1. Stephen King says you should, and there's a pretty good chance he knows what he's talking about. He doesn't give anybody a day off, though. I found the day off necessary. So I gave it to myself.
2. You will actually be a writer. When you ask yourself what it is that you do here on earth, what your job is, you can answer with that one word, "writer," and be sure you are telling yourself the truth. You're not trying to write. You're not hoping to get around to writing when the inspiration hits you. You're not thinking about writing. You're a writer. A writer writes, whether or not the writer "feels like it" at the moment. An unwriter doesn't write. Waiting until we feel like it is a game we play. Writer's block is a game that we play.
3. You can set the rules up however you want. I make the rules very lenient. Things like blog posts can count if I want them to. Terrible first drafts I would never show anyone, even under torture, can count if I want them to. Backstory scenes I know will never make the book can count if I want them to. My own rules are: The main draft of the novel has to move forward in a way that adds to its word count; the same text can count for the next day if I edit it heavily enough, and yes, I am the one who decides what "heavily enough" means; blog posts count because they sometimes inform the content of the novel, but they can't be the only thing I write that day.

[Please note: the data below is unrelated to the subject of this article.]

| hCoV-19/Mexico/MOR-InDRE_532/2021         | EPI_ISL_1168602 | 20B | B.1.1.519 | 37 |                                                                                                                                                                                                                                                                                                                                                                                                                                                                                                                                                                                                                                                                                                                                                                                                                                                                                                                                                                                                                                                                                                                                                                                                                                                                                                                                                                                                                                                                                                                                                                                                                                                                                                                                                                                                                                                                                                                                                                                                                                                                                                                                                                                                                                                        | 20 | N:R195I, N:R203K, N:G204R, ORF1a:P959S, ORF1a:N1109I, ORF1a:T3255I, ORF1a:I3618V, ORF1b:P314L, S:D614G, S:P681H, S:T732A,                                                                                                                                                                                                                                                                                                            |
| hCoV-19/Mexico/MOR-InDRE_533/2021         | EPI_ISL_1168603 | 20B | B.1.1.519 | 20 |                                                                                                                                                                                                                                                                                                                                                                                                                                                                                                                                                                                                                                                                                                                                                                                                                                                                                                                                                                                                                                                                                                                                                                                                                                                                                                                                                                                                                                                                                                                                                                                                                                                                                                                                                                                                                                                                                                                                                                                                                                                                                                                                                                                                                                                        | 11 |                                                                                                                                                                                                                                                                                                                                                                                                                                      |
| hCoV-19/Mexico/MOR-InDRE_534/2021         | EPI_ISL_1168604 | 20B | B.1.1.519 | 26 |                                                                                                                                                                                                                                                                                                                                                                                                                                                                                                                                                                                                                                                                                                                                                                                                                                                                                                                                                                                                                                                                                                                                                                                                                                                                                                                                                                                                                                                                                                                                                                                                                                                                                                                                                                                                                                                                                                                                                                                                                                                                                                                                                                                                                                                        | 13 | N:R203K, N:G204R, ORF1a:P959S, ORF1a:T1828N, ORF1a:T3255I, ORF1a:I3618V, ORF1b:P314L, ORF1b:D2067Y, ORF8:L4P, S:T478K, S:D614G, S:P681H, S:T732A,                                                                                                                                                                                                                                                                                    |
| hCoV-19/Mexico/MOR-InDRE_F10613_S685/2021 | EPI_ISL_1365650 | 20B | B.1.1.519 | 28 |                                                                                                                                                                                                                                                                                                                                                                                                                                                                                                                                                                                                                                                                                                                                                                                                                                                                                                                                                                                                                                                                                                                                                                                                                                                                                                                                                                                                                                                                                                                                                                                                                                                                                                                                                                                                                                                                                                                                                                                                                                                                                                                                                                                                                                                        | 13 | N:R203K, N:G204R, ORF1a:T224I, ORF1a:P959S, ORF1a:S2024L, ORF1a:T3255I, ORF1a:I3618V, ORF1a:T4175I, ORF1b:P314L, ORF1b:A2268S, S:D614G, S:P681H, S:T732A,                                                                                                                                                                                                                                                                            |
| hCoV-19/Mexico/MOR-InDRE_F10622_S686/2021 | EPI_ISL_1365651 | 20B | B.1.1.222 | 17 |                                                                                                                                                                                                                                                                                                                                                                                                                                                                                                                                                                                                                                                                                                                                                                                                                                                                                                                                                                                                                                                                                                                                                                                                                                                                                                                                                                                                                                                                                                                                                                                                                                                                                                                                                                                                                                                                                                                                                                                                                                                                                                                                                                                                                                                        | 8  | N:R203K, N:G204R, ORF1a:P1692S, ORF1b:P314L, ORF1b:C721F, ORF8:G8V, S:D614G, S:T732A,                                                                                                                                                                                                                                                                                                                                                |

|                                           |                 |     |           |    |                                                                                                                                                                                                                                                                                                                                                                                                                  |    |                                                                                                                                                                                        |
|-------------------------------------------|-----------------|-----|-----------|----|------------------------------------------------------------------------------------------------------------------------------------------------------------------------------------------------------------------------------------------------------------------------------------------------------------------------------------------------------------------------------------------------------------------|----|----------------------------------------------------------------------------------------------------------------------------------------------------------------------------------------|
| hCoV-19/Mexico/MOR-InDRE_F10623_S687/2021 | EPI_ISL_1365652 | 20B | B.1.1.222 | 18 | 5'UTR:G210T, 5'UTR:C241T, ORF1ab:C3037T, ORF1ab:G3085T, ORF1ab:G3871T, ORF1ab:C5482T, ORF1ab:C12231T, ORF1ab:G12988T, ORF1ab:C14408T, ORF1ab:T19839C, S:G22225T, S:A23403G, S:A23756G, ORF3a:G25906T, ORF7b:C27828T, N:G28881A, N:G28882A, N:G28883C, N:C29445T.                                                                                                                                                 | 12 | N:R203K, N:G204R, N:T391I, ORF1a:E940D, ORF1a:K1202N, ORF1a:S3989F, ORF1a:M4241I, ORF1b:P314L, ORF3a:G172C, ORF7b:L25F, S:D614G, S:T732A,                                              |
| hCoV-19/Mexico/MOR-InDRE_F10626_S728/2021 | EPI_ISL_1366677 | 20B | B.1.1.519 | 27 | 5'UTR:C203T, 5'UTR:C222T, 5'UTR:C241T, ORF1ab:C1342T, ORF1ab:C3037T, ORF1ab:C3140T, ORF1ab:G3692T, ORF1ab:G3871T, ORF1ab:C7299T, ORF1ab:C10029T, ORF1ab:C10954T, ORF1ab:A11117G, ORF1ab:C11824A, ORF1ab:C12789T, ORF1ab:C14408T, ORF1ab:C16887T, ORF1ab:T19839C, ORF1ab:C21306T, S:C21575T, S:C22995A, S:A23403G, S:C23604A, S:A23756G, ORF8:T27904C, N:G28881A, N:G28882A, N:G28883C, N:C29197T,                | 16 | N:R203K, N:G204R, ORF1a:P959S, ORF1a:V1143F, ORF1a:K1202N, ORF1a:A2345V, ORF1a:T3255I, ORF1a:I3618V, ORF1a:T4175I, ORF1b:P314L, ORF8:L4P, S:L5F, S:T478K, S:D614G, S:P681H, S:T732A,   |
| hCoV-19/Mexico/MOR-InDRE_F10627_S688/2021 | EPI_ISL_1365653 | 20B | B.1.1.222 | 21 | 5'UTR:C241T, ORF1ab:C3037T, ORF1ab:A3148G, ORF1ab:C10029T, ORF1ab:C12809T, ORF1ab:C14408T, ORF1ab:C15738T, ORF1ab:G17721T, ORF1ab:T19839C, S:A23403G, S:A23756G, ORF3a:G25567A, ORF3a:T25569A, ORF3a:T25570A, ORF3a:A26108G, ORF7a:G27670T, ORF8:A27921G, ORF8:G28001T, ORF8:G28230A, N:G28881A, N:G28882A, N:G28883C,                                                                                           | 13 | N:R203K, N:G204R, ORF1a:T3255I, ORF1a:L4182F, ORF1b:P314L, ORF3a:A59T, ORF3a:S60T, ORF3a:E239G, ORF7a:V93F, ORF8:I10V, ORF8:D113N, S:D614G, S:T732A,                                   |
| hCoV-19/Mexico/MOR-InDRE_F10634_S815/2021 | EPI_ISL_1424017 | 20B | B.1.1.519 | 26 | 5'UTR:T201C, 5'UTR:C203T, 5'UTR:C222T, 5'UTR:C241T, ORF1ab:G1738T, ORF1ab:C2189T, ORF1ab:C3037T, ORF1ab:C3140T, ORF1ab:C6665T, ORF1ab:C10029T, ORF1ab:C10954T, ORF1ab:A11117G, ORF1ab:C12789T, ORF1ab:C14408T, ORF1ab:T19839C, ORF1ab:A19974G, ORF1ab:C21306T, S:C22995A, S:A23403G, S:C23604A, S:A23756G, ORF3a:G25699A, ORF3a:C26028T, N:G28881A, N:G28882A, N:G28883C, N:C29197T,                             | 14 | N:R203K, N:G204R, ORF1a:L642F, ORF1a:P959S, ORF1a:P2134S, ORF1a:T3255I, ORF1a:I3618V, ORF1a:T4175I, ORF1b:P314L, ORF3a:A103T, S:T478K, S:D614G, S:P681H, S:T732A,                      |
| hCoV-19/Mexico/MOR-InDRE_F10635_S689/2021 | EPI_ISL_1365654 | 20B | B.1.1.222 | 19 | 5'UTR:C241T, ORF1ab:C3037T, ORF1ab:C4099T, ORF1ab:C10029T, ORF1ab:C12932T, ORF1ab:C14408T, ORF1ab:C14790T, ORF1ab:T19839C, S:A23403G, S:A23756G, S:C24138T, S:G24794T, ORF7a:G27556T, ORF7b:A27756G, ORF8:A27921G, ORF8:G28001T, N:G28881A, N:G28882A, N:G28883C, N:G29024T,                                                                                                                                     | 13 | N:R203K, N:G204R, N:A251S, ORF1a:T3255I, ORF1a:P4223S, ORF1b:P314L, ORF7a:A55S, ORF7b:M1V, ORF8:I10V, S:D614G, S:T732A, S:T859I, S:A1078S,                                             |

4. You will establish a personal routine of writing six days out of seven, which will bring shape and purpose to your life. Whatever else is happening, whatever is going well or poorly, the writing is happening. That will be good for you and good for those with whom you interact.
5. You will learn to edit your own material, or get better at it if you are already doing that. By generating a lot of text, more than you could use for your story, you will get personal experience with deleting things that don't work.
6. You will create more clarity on your own personal issues. It doesn't sound like that's what you're out to achieve here, but it happens, whether you mean it to or not, and once it begins happening regularly, you will begin to wonder why everyone doesn't write a thousand words a day. We've all got problems. If you write a lot, you will eventually get a more profound understanding of what your problems really are, and begin to develop an understanding of what the best ways to deal with them are -- and aren't.
7. You will stumble upon magnificent ideas. Often, they will come in the space between words 900 and 1000. Don't ask me why. They just do. I think they must have a sense of humor.
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